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Author Topic: Professional Darwinism: Update to OP on p.74  (Read 3436136 times)

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Winterlight

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Re: Professional Darwinism: Update to OP on p.74
« Reply #2850 on: October 01, 2012, 07:08:37 PM »
After 9/11 my law firm office was brainstorming ways to prepare in case our highrise was attacked (downtown in major US city, though not MAJOR city and not one attacked).  An all employee meeting was held, and our office manager demonstrated for us a method of sawing through the window and parachuting out to safety (which is absurd for a variety of reasons) and then one of the named parthers explained that "each lawyer would get a parachute."  Apparently we were supposed to just hold on to our support staff or go tandem or something? 

We didn't end up going with the parachute plan.

Wow, that sounds like a horrible, horrible idea. BASE jumping is not for novices, and from what I can tell this would not have worked on 9/11 anyway, between the smoke, turbulence and wind shear. Not to mention the explosions.
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To whom you speak,
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exitzero

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Re: Professional Darwinism: Update to OP on p.74
« Reply #2851 on: October 01, 2012, 08:17:42 PM »
After 9/11 my law firm office was brainstorming ways to prepare in case our highrise was attacked (downtown in major US city, though not MAJOR city and not one attacked).  An all employee meeting was held, and our office manager demonstrated for us a method of sawing through the window and parachuting out to safety (which is absurd for a variety of reasons) and then one of the named parthers explained that "each lawyer would get a parachute."  Apparently we were supposed to just hold on to our support staff or go tandem or something? 

We didn't end up going with the parachute plan.

Our office disaster plan was to have all of management stay home, and the support staff come in and make sure everyone was notified and everything was set up to run with remote staff. The uppers were SHOCKED when it was pointed out by the support staff that if a disaster was bad enough to keep management home, they weren't coming in either! It never occurred to them.

Jocelyn

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Re: Professional Darwinism: Update to OP on p.74
« Reply #2852 on: October 01, 2012, 08:22:04 PM »
Reminds me of a former boss. One year for Secretary's Day, he gave the secretaries- and all the non-clinical staff- a nice package of gifts that would be valued at over $100 apiece. The clinical staff got nothing, because 'there's no Clinician's Day'.  He just couldn't see how it would affect morale among the clinicians not to get anything while the non-clinical staff were running around excited with their gift bags.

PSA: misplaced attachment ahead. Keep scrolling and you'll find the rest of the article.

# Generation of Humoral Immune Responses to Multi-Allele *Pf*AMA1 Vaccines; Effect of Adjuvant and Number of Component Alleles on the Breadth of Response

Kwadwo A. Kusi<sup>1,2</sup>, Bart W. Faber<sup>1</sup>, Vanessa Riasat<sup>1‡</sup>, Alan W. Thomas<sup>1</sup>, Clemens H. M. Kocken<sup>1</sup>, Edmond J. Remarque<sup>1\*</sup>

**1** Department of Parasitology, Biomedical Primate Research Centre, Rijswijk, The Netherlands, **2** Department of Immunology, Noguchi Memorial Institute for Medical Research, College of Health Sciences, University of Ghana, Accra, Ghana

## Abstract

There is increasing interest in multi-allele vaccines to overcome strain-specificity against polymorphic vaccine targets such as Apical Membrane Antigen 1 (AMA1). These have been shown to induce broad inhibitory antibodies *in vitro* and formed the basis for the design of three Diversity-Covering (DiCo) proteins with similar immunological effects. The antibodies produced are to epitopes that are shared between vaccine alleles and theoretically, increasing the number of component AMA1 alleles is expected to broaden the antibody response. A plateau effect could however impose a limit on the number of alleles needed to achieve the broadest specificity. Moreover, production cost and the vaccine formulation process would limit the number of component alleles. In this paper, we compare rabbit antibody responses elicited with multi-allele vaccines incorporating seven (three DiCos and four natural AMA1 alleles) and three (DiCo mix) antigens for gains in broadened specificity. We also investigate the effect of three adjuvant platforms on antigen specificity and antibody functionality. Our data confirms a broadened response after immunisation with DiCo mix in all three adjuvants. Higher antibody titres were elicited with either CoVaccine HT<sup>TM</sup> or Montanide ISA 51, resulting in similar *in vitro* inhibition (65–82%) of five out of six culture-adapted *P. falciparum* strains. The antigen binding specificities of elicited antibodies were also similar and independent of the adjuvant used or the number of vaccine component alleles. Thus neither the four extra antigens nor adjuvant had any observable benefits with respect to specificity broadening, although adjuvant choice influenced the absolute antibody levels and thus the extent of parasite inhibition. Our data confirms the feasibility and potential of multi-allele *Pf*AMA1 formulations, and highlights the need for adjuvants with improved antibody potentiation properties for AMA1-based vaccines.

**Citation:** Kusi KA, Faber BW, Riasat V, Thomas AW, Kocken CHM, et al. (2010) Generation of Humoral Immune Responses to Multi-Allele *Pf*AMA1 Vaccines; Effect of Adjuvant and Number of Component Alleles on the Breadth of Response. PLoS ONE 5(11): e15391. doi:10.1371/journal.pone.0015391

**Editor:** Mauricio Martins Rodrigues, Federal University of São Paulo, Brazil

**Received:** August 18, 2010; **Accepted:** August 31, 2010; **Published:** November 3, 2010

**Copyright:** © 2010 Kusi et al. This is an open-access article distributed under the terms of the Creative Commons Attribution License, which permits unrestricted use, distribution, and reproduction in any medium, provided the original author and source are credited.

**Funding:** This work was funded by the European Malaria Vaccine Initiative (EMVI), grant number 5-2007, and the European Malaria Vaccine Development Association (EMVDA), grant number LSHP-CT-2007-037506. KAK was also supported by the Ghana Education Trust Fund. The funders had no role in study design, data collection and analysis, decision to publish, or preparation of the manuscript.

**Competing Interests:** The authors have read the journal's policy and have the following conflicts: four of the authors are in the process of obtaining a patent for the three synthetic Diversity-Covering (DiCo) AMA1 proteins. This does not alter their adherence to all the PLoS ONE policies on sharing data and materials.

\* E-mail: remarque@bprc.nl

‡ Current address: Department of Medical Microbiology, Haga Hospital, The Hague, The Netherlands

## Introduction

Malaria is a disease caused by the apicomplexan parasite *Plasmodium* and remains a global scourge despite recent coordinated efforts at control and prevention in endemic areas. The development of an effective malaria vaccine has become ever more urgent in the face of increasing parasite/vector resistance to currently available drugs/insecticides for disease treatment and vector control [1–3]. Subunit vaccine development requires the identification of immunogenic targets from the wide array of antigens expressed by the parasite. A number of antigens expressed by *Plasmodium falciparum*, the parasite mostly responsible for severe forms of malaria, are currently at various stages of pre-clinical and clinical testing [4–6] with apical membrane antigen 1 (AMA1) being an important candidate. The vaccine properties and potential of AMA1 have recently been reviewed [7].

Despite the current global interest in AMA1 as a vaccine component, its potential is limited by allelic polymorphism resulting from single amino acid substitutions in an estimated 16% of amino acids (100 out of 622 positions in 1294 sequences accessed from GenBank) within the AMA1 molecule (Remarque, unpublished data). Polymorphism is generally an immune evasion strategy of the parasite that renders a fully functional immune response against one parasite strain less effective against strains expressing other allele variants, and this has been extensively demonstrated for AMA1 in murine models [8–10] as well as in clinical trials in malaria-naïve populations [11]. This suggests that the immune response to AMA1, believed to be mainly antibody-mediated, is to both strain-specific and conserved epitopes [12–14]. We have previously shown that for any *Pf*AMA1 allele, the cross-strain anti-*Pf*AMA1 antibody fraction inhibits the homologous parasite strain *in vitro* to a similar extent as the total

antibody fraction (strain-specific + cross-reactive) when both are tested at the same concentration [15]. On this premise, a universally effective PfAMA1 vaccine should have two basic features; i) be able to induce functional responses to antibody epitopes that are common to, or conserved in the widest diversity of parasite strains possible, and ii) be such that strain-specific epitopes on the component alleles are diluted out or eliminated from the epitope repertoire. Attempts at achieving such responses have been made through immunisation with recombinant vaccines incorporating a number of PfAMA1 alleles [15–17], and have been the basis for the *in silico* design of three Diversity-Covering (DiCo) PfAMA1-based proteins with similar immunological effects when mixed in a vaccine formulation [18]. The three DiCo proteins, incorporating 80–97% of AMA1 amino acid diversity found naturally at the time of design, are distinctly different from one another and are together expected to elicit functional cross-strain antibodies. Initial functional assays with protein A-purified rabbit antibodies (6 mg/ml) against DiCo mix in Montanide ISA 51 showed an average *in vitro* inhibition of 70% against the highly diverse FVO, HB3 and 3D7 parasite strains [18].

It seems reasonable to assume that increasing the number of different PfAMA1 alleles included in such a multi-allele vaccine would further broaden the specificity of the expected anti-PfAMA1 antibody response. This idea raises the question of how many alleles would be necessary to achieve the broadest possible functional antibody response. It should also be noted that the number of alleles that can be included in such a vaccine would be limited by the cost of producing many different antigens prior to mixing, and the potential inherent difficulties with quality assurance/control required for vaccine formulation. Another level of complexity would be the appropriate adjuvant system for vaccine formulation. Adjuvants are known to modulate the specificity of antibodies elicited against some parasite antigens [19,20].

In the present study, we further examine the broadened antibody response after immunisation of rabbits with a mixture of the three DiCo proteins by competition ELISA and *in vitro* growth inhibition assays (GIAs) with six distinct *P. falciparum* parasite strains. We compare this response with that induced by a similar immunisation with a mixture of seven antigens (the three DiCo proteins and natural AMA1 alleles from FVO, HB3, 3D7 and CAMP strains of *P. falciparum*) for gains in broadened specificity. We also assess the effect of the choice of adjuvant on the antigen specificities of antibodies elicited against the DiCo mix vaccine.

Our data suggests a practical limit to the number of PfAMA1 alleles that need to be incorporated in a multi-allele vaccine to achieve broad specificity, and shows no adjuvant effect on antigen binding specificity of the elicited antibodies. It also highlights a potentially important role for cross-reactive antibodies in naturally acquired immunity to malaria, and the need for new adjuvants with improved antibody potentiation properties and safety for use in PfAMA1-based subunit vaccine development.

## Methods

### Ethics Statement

I don't get bosses like this.  I'm guessing the clinical staff also helped keep things running smoothly, etc. and to leave them out like that is just wrong.  my former employer, a law firm used to give all employees a gift on Secretary's Day, not just the admin staff. Everyone from the attorneys down to the mailroom staff.  Nothing fancy; one year it was a pair of movie tickets, and another, a small box of gourmet muffins, but at least they treated everyone the same, and the card that went out to each employee said as much.

Who got paid more?   

One of the reasons for Administrative Professionals Day is for employers to show appreciation to their support staff who are usually not paid as well, but work just as hard to keep the company going.

I am not saying the boss was right - in fact, I think it was downright rude to leave the clinicians out.   It should have been everybody or nobody.

I have been an adminstrative professional all my career.  I received exactly one house plant over all 35+ years in celebration of the day.   So, maybe I am a tad cynical about the whole thing.  In fact, I am one of those who believe in only 3 holidays - Easter, Thanksgiving, and Christmas.  All the others are Hallmark (or insert your choice of company) Holidays and exist only to profit others.

Yes, we were paid more- but then, we were not eligible for overtime. So we could be required to work a 10
 hour day, then get called out during the night for 4-6 hours, and then have to report to work for another 10 hour day the next day. We got paid for weekend call- $1 an hour.  The clinicians had had to obtain higher education, and most of us were paying off student loans. We had to pay for our own licenses, and for most of the continuing education that was required to maintain the license (including travel, hotels and meals out when we went to a workshop).  So while we got paid more, most of that money went for expenses associated with the job.
But I really don't see how it's a matter of etiquette or good business sense to justify thanking some employees for their services, and telling others that they won't be thanked because there's not a Hallmark holiday for their job classification.

nutraxfornerves

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Re: Professional Darwinism: Update to OP on p.74
« Reply #2853 on: October 01, 2012, 09:51:16 PM »
I was always an early-bird. On the first day after my promotion to a management job, I arrived at 7:30 AM to find that the building was closed due to a burst pipe. Staff was being told to "contact your manager" for information. Swell. I'm a manger and I have no idea what to do. Nor did any of the other managers hanging around.